The following issues should be put into consideration when choosing an organisational structure for a project with a multi-cultural face.
Authority is a sensitive issue in any organisation, and given the fact that responsibility in a multi-cultural setup will be divided and delegated to people from different cultural backgrounds, then care must be taken to ensure that the structure does not use this factor as a point of conflict. Imposing a hierarchy that cannot be accepted by partnering parties can be disastrous to the project as it can cause low motivation of the workforce and slow down the project activities, which can be detrimental to the realisation of organisational goals. For instance, the south-European culture detests the flat hierarchies that are highly respected in Latin American culture. Having these two cultures represented within the same project means taking into account the feeling for each party and ensuring that both of them are at peace.
When major partners for a project share different cultural backgrounds, then major conflicts in most of the project stages are expected, a fact that would certainly cause major time rags in the execution of the project. This time spent on reconciling one party to the other should be provided for in the planning stage. For instance, in Scandinavian and German cultures, project activities are scheduled in such a way that each takes its allocated time. This is a totally different approach from that taken by such cultures as France, where time is not considered as a commodity that can be put into a schedule that allows the activities to roll out on their own naturally. Therefore, different activities can be done simultaneously. In the Middle East, a project manager can divide attention between completely different activities, an act that really annoy a manager from Northern America or Northern Europe. The different perceptions in time can be a major cause of frustrations in project participation (Sonnenwald and Pierce, 2000).
In general terms, projects have potential loopholes that can bring in conflicts between partners. Some of the common sources of conflicts are tight budget lines, activity time frames, goal setting or creation of project groups across project line functions. In a multi-cultural setting, it is more challenging to discover some hidden interests and hard-line stands that could be taken by some of the parties (Zaman, 2007). Conflicts can very easily emanate over the issues fueled by differences in cultural values, as behaviour patterns are usually rooted in these cultural systems. Even in cases where the parties are well aware of their differences, crossing the lines of intolerance in any of the parties may sow a seed of conflict that may later germinate to the full brown conflict that can jeopardise the project (Sonnenwald and Pierce, 2000).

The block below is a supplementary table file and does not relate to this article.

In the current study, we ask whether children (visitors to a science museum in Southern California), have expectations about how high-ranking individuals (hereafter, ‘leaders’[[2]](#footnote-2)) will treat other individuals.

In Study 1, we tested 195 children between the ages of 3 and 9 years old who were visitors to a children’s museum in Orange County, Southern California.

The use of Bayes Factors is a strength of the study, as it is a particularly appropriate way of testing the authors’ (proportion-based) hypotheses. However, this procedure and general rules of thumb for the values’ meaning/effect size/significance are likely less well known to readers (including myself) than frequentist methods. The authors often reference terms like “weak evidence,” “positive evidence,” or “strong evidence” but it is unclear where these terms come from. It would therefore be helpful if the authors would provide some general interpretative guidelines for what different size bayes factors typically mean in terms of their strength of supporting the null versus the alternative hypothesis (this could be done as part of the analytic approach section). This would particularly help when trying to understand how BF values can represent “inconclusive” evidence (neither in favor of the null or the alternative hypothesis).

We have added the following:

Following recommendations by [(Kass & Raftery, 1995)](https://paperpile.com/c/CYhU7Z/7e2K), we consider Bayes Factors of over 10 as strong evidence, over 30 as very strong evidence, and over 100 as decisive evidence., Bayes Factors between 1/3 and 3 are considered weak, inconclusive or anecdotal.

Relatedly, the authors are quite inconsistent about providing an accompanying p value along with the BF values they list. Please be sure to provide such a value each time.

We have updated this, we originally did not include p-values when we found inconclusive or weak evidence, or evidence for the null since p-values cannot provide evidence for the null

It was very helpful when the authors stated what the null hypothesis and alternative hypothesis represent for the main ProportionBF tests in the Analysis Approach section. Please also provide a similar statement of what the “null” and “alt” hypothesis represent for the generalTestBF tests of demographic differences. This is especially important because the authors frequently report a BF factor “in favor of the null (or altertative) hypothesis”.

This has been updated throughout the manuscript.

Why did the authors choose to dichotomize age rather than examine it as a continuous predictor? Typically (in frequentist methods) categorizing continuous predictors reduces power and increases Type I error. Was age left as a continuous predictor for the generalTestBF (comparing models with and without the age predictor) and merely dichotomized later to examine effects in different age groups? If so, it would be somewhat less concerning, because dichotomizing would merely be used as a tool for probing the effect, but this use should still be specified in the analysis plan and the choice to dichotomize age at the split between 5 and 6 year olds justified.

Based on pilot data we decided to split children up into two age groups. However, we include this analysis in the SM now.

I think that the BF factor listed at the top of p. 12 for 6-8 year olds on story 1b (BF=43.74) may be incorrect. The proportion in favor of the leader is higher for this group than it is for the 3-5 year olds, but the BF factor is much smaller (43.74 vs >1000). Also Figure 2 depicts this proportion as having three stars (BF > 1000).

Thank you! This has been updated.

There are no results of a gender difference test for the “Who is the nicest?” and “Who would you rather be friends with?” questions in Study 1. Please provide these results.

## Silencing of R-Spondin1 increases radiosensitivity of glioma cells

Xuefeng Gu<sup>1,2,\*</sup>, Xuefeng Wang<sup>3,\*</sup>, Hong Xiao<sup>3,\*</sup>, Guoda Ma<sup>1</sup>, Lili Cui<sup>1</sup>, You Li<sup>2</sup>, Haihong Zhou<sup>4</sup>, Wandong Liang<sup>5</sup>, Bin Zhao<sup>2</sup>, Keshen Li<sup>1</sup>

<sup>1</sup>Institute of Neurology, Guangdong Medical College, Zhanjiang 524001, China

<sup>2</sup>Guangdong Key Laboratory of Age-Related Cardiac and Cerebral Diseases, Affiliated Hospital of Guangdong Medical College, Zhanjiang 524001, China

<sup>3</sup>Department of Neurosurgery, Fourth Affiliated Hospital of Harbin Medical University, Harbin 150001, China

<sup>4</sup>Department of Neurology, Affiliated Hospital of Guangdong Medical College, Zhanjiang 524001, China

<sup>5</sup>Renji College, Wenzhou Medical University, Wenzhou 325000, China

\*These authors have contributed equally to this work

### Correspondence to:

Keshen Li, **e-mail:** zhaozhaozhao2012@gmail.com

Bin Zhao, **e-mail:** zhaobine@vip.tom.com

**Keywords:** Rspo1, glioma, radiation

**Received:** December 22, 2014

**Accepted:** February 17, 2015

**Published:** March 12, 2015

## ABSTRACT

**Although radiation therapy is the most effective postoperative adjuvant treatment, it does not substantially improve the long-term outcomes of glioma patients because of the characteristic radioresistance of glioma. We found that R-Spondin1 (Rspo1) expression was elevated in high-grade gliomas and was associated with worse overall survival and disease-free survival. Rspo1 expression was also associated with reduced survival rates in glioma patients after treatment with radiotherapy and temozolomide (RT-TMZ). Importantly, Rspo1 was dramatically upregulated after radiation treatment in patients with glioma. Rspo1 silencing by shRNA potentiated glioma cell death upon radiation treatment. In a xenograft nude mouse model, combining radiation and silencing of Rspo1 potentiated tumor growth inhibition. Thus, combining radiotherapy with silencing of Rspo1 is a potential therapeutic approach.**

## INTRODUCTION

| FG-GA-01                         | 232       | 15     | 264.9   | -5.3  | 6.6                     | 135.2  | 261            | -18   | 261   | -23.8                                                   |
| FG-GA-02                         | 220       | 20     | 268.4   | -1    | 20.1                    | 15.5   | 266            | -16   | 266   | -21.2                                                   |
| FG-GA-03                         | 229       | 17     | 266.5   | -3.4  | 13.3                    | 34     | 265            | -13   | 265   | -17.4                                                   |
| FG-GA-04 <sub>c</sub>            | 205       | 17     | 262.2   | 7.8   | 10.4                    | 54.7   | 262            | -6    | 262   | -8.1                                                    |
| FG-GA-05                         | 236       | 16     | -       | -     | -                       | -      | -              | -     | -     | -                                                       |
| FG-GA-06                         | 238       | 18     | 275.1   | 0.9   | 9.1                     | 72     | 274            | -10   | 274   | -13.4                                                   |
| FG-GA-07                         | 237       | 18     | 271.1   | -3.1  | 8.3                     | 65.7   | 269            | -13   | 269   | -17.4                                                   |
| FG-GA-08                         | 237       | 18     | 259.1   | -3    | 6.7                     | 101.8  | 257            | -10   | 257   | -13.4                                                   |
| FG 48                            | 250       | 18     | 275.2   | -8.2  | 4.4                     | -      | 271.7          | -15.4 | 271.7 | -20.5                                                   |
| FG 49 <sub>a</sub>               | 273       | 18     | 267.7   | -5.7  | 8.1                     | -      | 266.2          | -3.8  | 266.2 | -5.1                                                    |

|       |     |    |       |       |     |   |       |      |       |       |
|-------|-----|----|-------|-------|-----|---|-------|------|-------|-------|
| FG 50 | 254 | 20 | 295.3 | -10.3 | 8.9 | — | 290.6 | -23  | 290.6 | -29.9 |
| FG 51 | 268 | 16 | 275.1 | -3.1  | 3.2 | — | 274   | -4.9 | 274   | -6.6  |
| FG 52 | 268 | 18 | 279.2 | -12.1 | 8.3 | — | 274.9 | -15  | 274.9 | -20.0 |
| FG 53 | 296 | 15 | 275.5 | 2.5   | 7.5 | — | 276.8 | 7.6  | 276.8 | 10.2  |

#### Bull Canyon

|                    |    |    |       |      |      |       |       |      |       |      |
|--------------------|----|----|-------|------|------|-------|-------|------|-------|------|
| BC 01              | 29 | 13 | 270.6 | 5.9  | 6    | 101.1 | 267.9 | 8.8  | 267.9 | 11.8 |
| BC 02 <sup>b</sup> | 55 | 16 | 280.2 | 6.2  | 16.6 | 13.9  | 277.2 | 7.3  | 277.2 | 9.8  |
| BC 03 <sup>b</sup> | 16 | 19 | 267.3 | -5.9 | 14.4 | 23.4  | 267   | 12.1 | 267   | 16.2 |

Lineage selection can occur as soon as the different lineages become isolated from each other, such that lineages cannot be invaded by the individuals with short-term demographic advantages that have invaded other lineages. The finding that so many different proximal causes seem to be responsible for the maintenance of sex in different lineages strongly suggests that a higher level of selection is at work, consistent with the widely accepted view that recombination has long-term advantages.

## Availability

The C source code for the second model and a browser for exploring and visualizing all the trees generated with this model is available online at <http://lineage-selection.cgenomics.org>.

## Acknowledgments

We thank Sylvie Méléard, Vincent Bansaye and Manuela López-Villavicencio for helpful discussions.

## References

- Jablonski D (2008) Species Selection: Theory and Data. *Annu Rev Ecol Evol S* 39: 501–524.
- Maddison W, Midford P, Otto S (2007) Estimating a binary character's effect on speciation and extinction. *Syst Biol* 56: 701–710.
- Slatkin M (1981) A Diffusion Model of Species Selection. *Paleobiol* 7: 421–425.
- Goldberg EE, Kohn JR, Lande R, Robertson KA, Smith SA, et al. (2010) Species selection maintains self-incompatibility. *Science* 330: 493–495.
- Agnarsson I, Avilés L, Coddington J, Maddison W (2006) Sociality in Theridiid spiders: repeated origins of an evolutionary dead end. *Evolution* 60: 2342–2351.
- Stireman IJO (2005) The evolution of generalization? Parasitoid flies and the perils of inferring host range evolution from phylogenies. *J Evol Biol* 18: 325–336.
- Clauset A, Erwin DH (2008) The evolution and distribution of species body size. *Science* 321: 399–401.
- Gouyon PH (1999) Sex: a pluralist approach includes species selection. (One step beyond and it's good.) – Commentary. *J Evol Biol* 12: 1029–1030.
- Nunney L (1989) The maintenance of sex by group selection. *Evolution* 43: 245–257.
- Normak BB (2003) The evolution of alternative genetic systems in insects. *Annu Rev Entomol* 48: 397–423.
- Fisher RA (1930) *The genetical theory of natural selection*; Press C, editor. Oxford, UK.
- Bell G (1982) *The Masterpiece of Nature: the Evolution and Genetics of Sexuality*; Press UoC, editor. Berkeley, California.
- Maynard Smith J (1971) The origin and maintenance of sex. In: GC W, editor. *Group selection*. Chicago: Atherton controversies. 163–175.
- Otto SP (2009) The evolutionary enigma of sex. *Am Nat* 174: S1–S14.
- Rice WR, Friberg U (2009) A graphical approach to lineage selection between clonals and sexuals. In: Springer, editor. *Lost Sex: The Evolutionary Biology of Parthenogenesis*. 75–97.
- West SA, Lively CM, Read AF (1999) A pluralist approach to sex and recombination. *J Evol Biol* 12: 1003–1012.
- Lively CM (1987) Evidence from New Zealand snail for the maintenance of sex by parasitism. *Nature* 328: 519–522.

Risk is an integral component in project management that can not be wished away, yet different cultures may have very different perceptions of the way risk should be handled in a project (Barney, 1986). In most cases, people prefer working in jobs that are secure, but unfortunately, projects are usually based on the temporary time frame, and the pressure on the workforce to perform and achieve the goals is very high. For instance, some cultures in Eastern Europe would not be very motivated to work in a high-risk project and would prefer having organisational structures that would significantly reduce the risk levels. There are other cultures that consider work related risk as a personal responsibility, in which case taking risk is only restricted within the levels of risks that can be computed based on the task at hand. The design of an organisational structure should consider such cultural views to ensure that the design is palatable to the parties represented in the project (Sonnenwald and Pierce, 2000).
Communication that can build healthy relationships is that which is generally harmonious in nature, but in some cases, communication used in projects focusing directly on tasks to be accomplished may be considered confrontational to some a larger extent (Sinkula, 1994). Appropriate use of communication to express an opinion in a given culture may completely be considered inappropriate in another culture because cultural norms are embedded in one’s language. Whenever there is a mismatch in communication mode, an unintended message may be sent and may cause frustration with the affected parties (Deshpande and Webster, 1989).